The row within Poland and between Poland and EU institutions has been on throughout the late spring and entire summer of 2017, over a controversial reform of the judiciary in Poland. Between May and August, several laws were carried and/or went into effect, that intended to change the organization and the way of operation of various parts of judiciary. A few legal changes launched by the Parliament were vetoed by the President of Poland, yet it was unclear whether or not they might soon reappear in the same or similar form.

Most of the new legislation has extended the authority of the Ministry of Justice, to the detriment of the judiciary itself, especially of the National Council of the Judiciary (KRS). For instance, one law allows the Minister of Justice to appoint assistant judges and permits the latter to serve as sole judges in district courts. As compared to proper judges, assistant judges undergo scarcer review of their appointment or performance. Another law allows Minister of Jutice to dismiss presidents or vice-presidents of courts, while the opportunities of the KRS to challenge the decision are limited.

Yet another law, which had changed the way the members of the KRS were to be appointed (as many as 15, instead of currently 6, of the total of 25 members, were meant to be appointed by Parliament), was vetoed by the President. Likewise vetoed was the law that had empowered the Minister to terminate the terms of the Supreme Court members.

Proponents of those changes argued that Polish judiciary badly needed reform both for reasons of judicial ineffectiveness and lack of ideological independence, thus failing to „meet the expectations of the people“. In their view, judiciary was a bastion of old communist structures that had avoided the post-1989 lustration.

Opponents saw the changes as yet another attempt by the conservative political forces to grasp absolute power and establish a system of „illiberal democracy“. Some objected the unconstitutionality of the proposed or adopted legal changes, while others warned at their discrepancy with the best EU practices and European values of judicial independence. Rallies or other public protests against the reform have been regular since its launching (among other things also demonstrating the vitality and self-sustainability of civil society organizations in Poland).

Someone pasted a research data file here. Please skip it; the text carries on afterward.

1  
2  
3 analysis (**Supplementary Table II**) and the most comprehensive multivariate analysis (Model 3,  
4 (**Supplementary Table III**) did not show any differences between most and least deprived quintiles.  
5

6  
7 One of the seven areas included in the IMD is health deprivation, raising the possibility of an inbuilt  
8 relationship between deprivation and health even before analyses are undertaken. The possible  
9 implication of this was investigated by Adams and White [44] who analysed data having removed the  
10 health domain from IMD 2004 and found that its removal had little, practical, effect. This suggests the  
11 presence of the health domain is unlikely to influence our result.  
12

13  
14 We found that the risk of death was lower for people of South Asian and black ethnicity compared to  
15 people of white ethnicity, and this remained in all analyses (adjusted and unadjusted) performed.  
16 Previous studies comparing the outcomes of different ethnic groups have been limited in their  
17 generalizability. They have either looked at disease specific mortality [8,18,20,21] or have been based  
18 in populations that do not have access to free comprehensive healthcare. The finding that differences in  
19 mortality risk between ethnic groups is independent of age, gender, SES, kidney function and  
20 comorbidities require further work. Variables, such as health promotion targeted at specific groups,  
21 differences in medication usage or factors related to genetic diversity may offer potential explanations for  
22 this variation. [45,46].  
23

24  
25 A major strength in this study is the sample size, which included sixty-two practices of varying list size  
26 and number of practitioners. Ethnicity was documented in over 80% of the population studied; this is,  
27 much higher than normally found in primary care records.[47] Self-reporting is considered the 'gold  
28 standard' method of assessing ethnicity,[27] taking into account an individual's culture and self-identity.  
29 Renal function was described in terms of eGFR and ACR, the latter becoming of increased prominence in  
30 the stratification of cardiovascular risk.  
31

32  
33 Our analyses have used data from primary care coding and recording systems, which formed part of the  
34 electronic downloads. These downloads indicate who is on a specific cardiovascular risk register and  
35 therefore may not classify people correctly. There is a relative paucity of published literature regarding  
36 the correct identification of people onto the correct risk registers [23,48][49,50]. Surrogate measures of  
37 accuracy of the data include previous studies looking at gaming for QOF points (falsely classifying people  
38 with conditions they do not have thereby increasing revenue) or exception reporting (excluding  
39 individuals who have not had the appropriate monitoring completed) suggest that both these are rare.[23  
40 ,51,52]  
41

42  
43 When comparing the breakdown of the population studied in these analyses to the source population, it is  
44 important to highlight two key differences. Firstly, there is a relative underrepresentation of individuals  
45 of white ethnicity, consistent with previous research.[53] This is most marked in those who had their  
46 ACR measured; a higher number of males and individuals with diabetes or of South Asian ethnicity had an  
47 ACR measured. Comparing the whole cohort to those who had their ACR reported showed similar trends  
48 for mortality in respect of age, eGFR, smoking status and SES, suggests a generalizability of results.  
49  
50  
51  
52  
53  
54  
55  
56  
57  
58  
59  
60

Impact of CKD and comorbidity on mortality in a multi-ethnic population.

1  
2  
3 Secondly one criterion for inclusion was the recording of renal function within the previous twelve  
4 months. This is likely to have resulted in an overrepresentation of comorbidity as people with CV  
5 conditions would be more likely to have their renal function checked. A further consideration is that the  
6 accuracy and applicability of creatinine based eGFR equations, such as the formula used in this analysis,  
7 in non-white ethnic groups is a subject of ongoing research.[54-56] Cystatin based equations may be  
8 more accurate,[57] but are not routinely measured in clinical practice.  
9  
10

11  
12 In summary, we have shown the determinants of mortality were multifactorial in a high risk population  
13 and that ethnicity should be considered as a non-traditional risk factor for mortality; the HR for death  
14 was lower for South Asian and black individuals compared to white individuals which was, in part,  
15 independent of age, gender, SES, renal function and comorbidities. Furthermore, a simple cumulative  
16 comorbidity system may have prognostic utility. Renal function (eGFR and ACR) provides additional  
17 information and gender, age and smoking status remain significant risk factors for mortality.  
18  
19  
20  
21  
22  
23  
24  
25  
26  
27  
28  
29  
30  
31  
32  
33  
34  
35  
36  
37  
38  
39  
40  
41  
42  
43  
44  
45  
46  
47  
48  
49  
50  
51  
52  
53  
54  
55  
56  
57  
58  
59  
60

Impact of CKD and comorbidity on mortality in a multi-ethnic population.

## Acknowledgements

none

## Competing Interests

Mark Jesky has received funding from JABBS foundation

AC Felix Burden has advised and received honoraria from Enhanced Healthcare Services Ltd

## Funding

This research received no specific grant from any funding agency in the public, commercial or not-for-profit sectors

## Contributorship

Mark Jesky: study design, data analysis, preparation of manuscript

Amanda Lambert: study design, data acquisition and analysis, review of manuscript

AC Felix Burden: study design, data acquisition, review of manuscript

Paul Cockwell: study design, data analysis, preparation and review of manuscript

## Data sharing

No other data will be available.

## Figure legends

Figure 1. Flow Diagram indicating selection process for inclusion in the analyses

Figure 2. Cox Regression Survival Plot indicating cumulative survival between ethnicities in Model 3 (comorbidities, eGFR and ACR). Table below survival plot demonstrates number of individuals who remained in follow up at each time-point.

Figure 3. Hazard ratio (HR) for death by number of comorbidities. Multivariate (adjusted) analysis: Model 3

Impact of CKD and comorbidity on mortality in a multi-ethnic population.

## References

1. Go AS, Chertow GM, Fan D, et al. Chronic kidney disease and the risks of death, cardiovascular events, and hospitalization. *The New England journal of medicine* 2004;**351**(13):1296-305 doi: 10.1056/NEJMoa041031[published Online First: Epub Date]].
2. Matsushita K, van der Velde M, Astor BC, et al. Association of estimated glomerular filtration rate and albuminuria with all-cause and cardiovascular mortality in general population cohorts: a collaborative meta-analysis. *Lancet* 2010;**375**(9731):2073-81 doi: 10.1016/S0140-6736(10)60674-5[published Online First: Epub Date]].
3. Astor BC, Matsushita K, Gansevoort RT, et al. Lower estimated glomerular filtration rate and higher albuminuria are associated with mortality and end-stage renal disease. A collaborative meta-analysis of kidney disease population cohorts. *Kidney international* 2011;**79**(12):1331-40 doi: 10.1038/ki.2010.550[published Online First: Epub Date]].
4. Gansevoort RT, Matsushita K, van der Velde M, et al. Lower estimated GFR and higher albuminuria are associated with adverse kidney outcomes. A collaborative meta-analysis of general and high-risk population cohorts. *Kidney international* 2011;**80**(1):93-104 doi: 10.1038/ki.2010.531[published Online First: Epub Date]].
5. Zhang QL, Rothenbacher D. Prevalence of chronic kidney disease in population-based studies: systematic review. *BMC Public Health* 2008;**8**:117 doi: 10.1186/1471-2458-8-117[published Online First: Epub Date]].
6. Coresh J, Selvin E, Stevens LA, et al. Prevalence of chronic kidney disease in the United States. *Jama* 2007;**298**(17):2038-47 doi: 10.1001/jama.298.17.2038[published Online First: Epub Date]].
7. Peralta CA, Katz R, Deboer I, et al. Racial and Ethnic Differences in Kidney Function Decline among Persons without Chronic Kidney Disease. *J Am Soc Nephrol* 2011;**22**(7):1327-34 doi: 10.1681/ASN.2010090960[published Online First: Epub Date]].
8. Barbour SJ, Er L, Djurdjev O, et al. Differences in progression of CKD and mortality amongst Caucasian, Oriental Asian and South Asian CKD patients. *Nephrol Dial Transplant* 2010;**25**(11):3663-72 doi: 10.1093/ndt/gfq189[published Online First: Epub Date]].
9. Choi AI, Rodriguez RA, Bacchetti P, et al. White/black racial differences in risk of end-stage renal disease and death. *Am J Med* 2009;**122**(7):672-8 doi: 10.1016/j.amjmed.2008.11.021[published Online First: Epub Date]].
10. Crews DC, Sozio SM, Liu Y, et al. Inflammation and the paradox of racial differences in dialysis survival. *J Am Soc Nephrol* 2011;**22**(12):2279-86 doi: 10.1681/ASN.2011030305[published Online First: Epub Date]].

Many non-governmental observers, including FNF in its annual Freedom Barometer Europe Edition or in its posts on the social networks, noted that judiciary in Poland indeed badly needed reform, as the least reformed part of society in the post-communist period, hence being regionally and otherwise disorganized, ineffective and inefficient, as well as being a poor leverage in fighting corruption. But it was also noted that most of the changes launched after the PiS (Freedom and Justice Party) took power in 2015 did not lead towards the desired outcome of having a judiciary fit to EU standards of independence from the executive power and able to efficiently protect human rights against various violations. To the contrary, they aimed merely at replacing one set of ideological bias with another.

EU bodies or high representatives have also reacted to the ongoing developments in Poland. Especially vocal thereby has been the ALDE group in the European Parliament. European Commission expressed „concern“ a number of times. On 26 July, EC finally reacted in a more concrete way, triggering legal proceedings against Polish government for infringement of the EU laws. In the view of the EC, the ongoing legal changes in Poland undermine independence of courts, hinder access to effective legal protection and endanger the human rights to legal remedy and fair trial.

On 28 August, Government of Poland responded to the EC. They claimed/elaborated that the legal reform was indeed in line with EU standards and repeated (an oftenly used phrase) that it had been meeting the „growing social expectations“ of the people.

The row is likely to have continued. EU will certainly not give up. It will further on press Polish government to abandon the idea of submitting judiciary to the other branches of government. It is uncertain what kind and degree of concrete sanctions that might lead to, having in mind that Hungarian government (somewhat similar in its appoarch to a basic modern-democracy principle of division of power) often expressed support for its Polish colleagues and threatened to veto would-be EU sanctions (while on the other hand both governments are often accused by many, especially by liberals, for advancing populism).

For the case of individual human freedom, rule of law is vital. Independence of judiciary is an important element of it. Without effective court protection, without access to justice by each and every citizen under equal terms and without independence of courts from ideological, political, governmental, economic, criminal or crony bias, interest or other illicit influence, rule of law remains just a list of wishes. Reforming the structures inherited from totalitarian regimes, which have persisted for decades before and after the onset of transformation, also needs time. But it needs caution as well, so as to avoid a rebirth of basically the same system, only under different ideological banners.